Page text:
I hope they keep Tux Racer
I love Tux Racer. The kids do too!
LOL.....I thought the RED Hat Ladies were starting a men's division called "Fedora"
Solaris 10 I have found to be better overall as an OS than Red Hat. However Linux does have a place in the market.
"I thought the RED Hat Ladies were starting a men's division called "Fedora"
You aren't alone in that thought. ;o)
"conference in New Orleans"
That is the ONLY thing Southern in this article, sb. ;o)
Good Evening DC2K - I'm posting articles about the red hat ladies in the South!
ROTFLOL You are NOT alone. I was thinking the Red Hatters where up to no good. ;D
And, a very Good Evening to you!
All Southern wimmen love articles about The Red Hat Ladies.
You are, most definitely, a Southern Gentleman for posting them. ;o)
I thought they already did this once, when they dropped support for "Red Hat Linux" and launched "Fedora".
For now Ill give them some benefit of the doubt because I was wrong on the whole RH9 -> FC1 thing being bad..
I don't blame you. Here's what we use, a solid product from a solid company that doesn't jerk its customers around. And yes you can download it for free, if that's high on your list.
For example the tested the 2.6 Kernel, SELinux, and other things in Fedora before putting them in RHEL. its not exact but it went something like this.
FC1 -> RHEL2.1, FC2 -> RHEL3 -> FC3 RHEL4
Now it seems they are cutting the strings a bit and letting the Fedora crew do its own thing..
A company that does not jerk people around? have you forgot the old 'hey were going to get rid of x86 solaris', oh wait I guess were going to keep it afterall?
When the x86 version was originally launched it was never claimed to be enterprise ready, more like a Fedora beta test. We didn't even fool with it till version 9.
Interesting. Looks like Red Hat is getting itself out of the free software "business". Not much profit to made in giving stuff away. Go figure.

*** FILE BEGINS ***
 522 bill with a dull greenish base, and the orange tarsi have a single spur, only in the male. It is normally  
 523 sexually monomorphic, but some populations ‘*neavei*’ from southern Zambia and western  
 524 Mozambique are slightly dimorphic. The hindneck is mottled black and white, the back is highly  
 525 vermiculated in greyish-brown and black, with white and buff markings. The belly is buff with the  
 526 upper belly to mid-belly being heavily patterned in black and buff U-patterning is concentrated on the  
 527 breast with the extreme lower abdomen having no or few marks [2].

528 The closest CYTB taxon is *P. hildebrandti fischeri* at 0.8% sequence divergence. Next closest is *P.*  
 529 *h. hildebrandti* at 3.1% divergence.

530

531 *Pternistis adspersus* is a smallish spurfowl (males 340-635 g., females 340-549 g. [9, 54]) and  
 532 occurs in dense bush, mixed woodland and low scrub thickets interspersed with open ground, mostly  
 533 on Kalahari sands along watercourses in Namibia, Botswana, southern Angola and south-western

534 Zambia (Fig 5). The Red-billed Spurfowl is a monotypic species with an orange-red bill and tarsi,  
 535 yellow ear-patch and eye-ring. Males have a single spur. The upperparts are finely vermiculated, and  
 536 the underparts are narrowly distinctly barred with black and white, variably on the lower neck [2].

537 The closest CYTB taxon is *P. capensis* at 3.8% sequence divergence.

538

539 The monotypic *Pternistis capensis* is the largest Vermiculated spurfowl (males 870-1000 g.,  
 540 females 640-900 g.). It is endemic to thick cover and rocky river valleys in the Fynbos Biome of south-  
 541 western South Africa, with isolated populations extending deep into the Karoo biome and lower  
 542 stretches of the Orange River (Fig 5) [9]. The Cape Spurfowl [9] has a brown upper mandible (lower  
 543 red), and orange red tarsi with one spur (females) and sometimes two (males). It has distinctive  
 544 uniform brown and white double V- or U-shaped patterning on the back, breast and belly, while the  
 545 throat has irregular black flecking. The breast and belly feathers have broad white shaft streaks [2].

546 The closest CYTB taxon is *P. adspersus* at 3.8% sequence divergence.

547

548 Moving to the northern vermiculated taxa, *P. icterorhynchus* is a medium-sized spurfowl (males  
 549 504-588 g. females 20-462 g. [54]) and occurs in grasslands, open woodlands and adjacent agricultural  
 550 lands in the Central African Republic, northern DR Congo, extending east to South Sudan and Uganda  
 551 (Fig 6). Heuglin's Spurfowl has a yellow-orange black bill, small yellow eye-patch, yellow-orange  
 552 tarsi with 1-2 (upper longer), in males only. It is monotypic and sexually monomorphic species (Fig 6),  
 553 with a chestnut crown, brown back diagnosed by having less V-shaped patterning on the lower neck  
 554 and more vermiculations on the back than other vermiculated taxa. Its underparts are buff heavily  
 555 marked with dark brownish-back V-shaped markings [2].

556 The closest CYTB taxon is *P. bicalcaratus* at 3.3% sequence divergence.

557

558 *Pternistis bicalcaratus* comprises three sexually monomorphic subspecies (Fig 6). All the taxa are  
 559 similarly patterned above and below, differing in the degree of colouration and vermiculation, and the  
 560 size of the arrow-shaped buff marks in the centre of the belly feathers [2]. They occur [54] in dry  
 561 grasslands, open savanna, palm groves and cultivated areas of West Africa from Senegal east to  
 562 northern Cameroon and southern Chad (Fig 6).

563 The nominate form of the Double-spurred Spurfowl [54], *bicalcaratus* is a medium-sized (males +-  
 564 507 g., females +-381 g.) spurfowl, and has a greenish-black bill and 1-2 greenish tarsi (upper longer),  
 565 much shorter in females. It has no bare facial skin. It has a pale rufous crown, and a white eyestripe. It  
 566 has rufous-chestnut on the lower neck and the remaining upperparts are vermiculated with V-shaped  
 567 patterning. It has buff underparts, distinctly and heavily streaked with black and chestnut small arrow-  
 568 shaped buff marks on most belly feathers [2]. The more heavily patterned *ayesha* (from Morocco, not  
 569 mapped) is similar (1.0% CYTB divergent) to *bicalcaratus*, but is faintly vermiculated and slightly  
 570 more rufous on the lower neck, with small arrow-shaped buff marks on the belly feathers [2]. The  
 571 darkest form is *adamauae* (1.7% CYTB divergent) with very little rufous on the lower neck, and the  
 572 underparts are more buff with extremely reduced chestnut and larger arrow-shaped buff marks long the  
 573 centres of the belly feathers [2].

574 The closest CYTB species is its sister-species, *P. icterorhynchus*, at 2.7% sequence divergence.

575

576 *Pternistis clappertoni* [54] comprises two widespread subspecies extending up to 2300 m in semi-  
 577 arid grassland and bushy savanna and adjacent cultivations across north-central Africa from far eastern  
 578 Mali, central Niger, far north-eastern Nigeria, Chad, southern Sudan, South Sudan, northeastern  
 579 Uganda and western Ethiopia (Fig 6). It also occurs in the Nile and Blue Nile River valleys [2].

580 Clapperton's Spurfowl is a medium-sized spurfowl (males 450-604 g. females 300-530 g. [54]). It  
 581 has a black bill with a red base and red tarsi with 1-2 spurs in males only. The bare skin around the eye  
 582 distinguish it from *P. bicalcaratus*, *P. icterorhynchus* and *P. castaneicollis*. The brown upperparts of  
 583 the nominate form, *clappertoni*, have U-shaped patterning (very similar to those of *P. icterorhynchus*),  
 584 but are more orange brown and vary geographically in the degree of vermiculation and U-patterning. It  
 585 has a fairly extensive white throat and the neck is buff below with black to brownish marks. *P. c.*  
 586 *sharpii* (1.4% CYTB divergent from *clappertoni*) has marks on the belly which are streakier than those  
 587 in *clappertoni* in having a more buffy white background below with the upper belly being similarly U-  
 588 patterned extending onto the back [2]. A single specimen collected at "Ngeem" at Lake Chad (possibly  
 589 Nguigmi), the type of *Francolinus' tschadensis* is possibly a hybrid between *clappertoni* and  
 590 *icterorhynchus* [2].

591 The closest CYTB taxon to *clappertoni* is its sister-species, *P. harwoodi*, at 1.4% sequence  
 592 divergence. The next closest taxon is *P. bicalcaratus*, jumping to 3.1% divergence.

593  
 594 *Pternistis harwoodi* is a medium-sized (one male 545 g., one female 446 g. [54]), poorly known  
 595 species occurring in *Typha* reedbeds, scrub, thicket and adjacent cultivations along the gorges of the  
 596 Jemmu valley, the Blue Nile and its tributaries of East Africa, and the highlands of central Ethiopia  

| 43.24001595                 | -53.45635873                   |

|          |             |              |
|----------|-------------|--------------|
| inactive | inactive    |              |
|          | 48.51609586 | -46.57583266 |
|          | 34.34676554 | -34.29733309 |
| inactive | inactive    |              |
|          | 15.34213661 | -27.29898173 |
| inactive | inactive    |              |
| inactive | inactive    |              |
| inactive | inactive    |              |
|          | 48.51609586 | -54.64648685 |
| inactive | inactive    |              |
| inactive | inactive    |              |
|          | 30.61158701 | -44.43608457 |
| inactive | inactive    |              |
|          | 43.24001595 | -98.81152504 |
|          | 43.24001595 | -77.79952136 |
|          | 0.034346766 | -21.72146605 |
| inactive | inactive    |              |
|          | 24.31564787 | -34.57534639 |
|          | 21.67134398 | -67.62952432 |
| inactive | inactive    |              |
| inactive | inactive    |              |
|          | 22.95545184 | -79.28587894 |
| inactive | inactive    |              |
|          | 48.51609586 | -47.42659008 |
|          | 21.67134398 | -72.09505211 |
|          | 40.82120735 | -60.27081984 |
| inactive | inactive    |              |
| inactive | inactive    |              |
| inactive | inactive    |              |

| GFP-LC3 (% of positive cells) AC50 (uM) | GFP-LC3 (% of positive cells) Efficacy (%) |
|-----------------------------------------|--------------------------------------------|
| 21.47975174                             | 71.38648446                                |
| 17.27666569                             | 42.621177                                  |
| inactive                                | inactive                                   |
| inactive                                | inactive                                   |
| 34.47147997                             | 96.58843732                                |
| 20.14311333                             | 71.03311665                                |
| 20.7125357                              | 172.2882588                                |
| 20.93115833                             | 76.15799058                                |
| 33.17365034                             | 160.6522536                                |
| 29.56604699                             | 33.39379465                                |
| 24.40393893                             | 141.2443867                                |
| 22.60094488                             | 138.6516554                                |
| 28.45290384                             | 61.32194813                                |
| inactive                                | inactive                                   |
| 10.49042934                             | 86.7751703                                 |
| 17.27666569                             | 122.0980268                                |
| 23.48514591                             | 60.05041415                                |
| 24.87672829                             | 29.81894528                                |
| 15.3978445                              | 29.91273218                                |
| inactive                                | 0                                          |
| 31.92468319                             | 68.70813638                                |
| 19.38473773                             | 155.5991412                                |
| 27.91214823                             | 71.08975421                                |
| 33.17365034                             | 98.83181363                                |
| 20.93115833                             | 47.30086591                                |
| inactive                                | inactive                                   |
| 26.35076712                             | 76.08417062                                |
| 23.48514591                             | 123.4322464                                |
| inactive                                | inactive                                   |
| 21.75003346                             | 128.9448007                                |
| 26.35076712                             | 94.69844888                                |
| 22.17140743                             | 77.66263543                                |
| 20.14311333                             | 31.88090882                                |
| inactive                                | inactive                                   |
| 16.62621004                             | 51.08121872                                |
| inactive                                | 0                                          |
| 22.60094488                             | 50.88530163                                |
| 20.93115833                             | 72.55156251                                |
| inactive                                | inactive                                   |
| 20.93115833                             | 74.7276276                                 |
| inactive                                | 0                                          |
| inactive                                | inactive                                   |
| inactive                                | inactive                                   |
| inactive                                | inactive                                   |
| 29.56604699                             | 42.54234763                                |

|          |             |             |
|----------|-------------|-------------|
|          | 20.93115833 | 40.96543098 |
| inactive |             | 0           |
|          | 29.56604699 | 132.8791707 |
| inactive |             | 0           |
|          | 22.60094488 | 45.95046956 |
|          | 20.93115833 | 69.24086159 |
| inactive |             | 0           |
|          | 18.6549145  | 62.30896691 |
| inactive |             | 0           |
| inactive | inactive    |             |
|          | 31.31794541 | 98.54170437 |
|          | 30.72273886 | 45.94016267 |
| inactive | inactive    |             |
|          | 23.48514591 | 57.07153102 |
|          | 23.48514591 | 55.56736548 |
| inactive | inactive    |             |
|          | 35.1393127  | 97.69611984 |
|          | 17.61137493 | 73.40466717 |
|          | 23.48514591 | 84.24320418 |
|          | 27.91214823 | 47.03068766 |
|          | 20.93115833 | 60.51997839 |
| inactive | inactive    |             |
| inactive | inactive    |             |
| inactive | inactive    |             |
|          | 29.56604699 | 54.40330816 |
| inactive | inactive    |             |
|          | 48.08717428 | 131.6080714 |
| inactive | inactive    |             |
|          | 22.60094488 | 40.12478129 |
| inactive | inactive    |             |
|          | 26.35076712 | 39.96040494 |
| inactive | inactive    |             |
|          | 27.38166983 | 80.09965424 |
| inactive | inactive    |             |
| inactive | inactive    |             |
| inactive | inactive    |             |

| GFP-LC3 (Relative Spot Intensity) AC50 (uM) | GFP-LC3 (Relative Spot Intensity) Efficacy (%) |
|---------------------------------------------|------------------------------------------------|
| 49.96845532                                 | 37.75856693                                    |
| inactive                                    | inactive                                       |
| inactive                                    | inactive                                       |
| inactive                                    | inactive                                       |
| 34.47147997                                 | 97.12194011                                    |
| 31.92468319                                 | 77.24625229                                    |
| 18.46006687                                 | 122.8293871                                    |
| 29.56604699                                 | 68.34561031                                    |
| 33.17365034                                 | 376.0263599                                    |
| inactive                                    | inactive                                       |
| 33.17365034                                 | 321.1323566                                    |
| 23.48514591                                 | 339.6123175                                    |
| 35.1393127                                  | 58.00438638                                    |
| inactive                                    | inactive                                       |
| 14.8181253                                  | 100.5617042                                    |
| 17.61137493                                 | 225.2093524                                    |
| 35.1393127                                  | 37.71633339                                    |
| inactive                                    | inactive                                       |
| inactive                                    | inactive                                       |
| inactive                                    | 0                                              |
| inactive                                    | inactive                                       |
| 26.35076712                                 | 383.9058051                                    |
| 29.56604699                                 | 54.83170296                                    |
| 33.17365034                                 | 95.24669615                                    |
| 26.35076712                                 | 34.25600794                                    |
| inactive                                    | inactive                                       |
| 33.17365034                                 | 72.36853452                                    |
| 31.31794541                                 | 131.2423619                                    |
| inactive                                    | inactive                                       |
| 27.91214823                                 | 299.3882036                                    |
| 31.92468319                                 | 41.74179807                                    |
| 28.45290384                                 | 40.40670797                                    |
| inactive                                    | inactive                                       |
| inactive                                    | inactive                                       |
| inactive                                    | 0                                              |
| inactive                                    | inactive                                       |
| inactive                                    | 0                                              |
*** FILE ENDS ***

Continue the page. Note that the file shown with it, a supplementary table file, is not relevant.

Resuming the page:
I was not trying to use the x86 Solaris desktop *why would I when at the time SPARC owned x86*, I was using it desktop. It was so aweful they tried to eol it after 8..
What you say may be true but it is am much jerking around the customer base (look at peoples reaction) as what Redhat is doing..
It always is, as far as I know.
Is that english, or are you just not coffee'd up enough yet this morning :-)
No. Keep wishing. RedHat is focusing on Linux for the server market, were they do very well. They also do consulting and custom solutions. RedHat is not closing it's doors, or leaving Linux.
RedHat spun off the desktop into Fedora so they wouldn't 'water down' the Red Hat name. They understood that they had the most recognized name in Linux. They went for the money, and RedHat is an enterprise only distribution now. Perhaps you're surprised by Linux types going for the cash, but believe it or not, we're not all RMS.
Part of the thinking (or at least the press releases) in the Fedora move a few years back was to have Fedora be R&D and less stable. More appropriate to innovate in the desktop area than the server space. Once code in Fedora was deemed mature, it would make it's way into RedHat Enterprise Linux.
The rumors are that the development pipe between RedHat and Fedora hasn't been as smooth as hoped, and this is a step to fix the problem.
but it only goes to show Sun is as quick to jerk around customers as the next guy..
Crying baby, sick wife, up till 3:30, awake for work at 5:00... cut me some slack ;)